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Power imbalance

First Nations say Hydro must promote reconciliation

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Members of the  Pimicikamak Cree Nation carry white crosses during a protest at Hydro's Jenpeg dam in 2007.

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Members of the Pimicikamak Cree Nation carry white crosses during a protest at Hydro's Jenpeg dam in 2007.

For 38 years, Manitoba Hydro has managed the level of the province's largest lake and the flow of its largest river. It does so by means of Lake Winnipeg regulation (LWR), which includes the Jenpeg control structure -- located near my people's main community of Cross Lake -- and three man-made channels that increase outflow from Lake Winnipeg into the Nelson River.

After operating LWR for 38 years under an interim licence, Hydro has applied for a permanent licence.

Hydro is requesting no change to the water levels and flows stipulated in the interim licence. Hydro is requesting continuation of business as usual. For us, business as usual is a disaster.

Society has changed since the interim licence was granted. Best practises in environmental management have changed. Recognition of aboriginal rights has changed. The final licence for LWR must reflect these changes.

In a report recently submitted to the Clean Environment Commission, which will hold hearings into LWR licensing next year, Hydro acknowledges that LWR "has significant effects" north of Lake Winnipeg and that these effects "have been most pronounced for aboriginal communities." For Pimicikamak, the nation I represent, those effects include:

  • Permanent flooding of 65 square kilometres;
  • Ongoing destabilization of hundreds of kilometres of shoreline, the most fragile and productive part of the ecosystem;
  • Corresponding harm to our traditional industries and way of life; and
  • Several deaths caused by treacherous ice conditions and submerged wood debris related directly to Hydro operations.

A homeland that was once intimately known, life-sustaining and beautiful is now dangerous and despoiled. Lake Winnipeg Regulation is a wound on our lands and in our hearts.

Every mention of "clean" energy is like salt in that wound. Every hydro bill is a reminder of the injustice we suffer.

Manitoba Hydro will say it has signed agreements with us and continues to address our concerns. An agreement does exist and Hydro has taken some measures, but the bitter reality is that the south is much better off as a result of the project and we are worse off.

As former Pimicikamak chief George Ross said, "the south is benefitting at the expense of our misery." This is why we cannot tolerate business as usual.

Hydro is not responsible for all the ills we experience, but it is in a good position to contribute to a better future. Hydro produces an average of over $3.5 million of electricity on the Nelson River every day. We are surrounded by tremendous wealth, but most of that wealth flows south down the transmission lines, leaving us poor and dependent on government. We don't want dependence.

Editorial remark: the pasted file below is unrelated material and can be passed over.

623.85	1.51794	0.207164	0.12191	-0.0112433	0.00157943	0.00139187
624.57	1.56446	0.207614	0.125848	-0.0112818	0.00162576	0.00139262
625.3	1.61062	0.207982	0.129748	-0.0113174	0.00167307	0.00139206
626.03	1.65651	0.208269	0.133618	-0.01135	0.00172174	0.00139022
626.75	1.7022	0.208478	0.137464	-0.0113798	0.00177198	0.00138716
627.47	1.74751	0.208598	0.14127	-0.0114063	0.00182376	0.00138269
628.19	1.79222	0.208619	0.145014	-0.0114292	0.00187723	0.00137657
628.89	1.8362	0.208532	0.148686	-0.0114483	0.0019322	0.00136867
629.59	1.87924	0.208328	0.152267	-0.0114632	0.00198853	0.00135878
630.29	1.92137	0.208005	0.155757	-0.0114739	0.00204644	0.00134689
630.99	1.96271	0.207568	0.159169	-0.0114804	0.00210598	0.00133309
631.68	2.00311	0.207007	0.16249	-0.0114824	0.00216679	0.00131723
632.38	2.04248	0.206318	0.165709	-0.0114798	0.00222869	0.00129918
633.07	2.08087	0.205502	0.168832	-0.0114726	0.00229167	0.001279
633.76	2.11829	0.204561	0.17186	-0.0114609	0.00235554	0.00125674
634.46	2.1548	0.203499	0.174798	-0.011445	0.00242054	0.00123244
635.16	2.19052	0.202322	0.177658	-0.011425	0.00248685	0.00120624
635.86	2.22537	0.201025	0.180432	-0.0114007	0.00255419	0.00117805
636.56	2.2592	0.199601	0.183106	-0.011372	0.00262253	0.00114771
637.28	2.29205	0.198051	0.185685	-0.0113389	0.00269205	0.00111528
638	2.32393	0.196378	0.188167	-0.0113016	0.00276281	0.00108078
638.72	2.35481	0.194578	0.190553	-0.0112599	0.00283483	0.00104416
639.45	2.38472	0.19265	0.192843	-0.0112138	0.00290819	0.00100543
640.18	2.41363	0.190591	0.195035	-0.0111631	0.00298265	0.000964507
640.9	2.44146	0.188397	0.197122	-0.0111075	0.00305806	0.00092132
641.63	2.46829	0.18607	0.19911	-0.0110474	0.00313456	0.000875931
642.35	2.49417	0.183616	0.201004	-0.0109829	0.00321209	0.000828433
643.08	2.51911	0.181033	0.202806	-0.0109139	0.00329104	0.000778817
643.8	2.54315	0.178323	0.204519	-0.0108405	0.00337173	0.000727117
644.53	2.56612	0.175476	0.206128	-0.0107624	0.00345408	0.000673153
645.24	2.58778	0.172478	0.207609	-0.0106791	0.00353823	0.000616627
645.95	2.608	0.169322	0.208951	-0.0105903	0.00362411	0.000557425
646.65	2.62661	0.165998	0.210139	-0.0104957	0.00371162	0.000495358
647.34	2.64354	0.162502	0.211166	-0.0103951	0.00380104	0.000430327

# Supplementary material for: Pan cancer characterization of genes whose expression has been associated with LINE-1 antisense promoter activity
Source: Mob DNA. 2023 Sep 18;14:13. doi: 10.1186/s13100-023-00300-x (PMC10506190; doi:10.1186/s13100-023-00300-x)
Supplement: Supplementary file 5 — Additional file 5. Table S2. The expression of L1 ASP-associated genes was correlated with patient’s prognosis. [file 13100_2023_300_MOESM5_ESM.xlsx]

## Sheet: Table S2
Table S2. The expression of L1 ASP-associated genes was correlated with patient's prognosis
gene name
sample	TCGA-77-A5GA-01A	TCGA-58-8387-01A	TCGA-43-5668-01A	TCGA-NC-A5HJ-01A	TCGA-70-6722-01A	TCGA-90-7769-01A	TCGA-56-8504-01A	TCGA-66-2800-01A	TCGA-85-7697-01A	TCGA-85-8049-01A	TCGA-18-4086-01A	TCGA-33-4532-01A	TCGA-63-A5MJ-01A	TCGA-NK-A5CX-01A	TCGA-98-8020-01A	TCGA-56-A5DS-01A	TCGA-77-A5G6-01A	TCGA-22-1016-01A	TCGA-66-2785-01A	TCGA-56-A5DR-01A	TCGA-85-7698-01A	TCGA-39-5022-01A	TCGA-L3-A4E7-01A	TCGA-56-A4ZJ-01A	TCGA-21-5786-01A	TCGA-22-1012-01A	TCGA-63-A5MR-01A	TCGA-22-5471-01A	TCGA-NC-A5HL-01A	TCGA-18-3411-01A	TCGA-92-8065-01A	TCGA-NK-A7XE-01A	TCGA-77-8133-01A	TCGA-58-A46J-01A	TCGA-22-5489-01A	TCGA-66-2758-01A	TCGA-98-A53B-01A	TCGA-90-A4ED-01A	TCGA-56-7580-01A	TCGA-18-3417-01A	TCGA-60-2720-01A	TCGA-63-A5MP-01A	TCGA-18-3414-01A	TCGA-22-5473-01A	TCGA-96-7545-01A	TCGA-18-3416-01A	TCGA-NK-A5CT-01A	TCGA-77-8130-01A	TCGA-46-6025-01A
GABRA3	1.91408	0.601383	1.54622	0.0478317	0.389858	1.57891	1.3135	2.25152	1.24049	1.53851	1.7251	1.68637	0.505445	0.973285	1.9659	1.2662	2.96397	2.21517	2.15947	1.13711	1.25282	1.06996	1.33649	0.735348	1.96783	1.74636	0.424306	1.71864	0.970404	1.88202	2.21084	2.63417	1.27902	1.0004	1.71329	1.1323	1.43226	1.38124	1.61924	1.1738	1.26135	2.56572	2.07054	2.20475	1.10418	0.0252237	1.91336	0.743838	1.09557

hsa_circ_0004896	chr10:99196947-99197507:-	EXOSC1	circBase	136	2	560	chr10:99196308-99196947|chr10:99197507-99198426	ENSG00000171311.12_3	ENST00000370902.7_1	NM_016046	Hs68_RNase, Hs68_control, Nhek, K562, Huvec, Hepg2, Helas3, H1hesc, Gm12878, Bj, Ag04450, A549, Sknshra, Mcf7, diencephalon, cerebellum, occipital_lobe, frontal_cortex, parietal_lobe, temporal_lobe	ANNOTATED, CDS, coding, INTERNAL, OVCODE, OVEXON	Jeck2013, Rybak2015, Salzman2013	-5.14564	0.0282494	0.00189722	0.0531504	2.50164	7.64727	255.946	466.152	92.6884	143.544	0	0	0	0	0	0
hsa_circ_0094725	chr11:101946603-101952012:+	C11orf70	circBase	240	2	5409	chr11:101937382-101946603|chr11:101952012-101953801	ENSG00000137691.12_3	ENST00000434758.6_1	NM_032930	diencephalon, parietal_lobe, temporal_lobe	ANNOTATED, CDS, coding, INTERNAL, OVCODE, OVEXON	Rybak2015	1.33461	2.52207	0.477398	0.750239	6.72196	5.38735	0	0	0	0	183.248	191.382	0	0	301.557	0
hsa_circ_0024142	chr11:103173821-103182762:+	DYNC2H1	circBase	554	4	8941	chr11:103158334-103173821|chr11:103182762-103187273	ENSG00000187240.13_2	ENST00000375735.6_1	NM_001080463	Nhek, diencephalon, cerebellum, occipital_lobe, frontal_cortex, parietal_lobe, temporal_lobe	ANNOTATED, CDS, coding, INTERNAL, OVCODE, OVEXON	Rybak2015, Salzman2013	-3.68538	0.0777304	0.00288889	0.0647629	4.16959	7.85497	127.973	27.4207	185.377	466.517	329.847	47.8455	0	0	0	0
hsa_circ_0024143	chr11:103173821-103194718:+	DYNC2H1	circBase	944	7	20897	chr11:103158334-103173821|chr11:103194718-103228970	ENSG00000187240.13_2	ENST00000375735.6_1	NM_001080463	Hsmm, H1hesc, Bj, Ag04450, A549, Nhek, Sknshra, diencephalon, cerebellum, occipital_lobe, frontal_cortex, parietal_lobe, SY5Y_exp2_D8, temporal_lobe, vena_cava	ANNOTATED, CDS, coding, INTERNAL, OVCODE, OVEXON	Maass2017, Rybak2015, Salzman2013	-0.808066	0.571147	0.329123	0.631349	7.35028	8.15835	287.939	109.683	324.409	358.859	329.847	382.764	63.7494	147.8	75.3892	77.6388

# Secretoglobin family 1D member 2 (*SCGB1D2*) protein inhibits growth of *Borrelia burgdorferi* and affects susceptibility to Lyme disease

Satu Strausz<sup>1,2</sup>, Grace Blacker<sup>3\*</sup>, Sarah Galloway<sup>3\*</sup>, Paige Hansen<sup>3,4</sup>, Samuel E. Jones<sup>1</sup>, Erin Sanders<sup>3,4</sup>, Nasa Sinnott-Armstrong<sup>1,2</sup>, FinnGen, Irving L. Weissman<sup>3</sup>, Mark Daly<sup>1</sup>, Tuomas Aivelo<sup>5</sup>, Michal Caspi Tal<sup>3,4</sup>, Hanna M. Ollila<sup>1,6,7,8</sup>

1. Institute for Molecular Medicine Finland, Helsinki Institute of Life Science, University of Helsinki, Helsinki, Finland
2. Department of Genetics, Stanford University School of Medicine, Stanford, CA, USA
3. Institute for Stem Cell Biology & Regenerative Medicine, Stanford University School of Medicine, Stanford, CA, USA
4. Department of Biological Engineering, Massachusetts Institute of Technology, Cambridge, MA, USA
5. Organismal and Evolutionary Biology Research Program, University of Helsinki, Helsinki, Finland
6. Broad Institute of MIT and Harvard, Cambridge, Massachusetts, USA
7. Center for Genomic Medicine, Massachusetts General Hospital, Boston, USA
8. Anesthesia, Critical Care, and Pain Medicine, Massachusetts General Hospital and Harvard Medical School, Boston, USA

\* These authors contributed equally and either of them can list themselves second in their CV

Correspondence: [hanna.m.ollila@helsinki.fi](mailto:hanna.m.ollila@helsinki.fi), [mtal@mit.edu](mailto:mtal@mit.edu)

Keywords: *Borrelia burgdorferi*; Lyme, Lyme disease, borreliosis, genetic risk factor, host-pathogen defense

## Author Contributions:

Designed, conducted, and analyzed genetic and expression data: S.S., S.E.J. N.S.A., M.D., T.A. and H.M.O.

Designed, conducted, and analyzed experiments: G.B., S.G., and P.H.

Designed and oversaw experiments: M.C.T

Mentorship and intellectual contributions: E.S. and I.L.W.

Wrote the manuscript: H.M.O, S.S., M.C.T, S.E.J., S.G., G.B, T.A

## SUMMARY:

There is an alternative. On July 2, Manitoba Conservation Minister Gord Mackintosh encouraged Hydro to work toward "reconciliation" with all hydro-affected peoples. I expect many Manitobans would welcome reconciliation, if it helped reverse the shameful inequality in our country.

Here's my four-part proposal for reconciliation, extending to LWR and beyond.

  • The premier should issue an apology to hydro-affected peoples for past and present harms caused by Hydro operations, which affect Manitoba's four largest rivers, three of its five largest lakes, and many smaller bodies of water.
  • The government should commission an independent and comprehensive review of how LWR and its twin, Churchill River Diversion, are operated in order to identify ways to better balance electricity generation with other uses and environmental mitigation. This would reflect best practices. It could complement the regional cumulative effects assessment that Hydro and Manitoba are carrying out (though without independent oversight or involvement of affected communities).
  • The government should involve affected communities in a multi-party process for ongoing decisions about LWR and other Hydro operations. Again, this would reflect best practices, and it would address the acknowledgement in Hydro's recent report that aboriginal communities have experienced "a sense of powerlessness and marginalization in decision-making processes affecting their lives."
  • The government should divert the water rental fees it receives from Hydro -- an average of $120 million annually -- to affected communities, which have a combined population of roughly 45,000. Payments would be tied directly to expertly developed, long-term community-development plans, and would be subject to stringent accountability mechanisms.

Benefit-sharing arrangements with aboriginal people affected by development have become common practice across much of Canada.

Like Pimicikamak, each affected community would have additional specific concerns to be addressed, but the above plan could serve as an overarching framework.

Next year, the government could issue a final licence for business as usual or it could use the occasion to make a bold commitment to tangible reconciliation.

I invite other hydro-affected peoples to stand up for this vision of reconciliation. And I invite all Manitobans to consider the value of such a path for the province as a whole.


Cathy Merrick is chief of the Pimicikamak executive council.

Republished from the Winnipeg Free Press print edition August 25, 2014 A9

History

Updated on Monday, August 25, 2014 at 3:21 PM CDT: corrects typo

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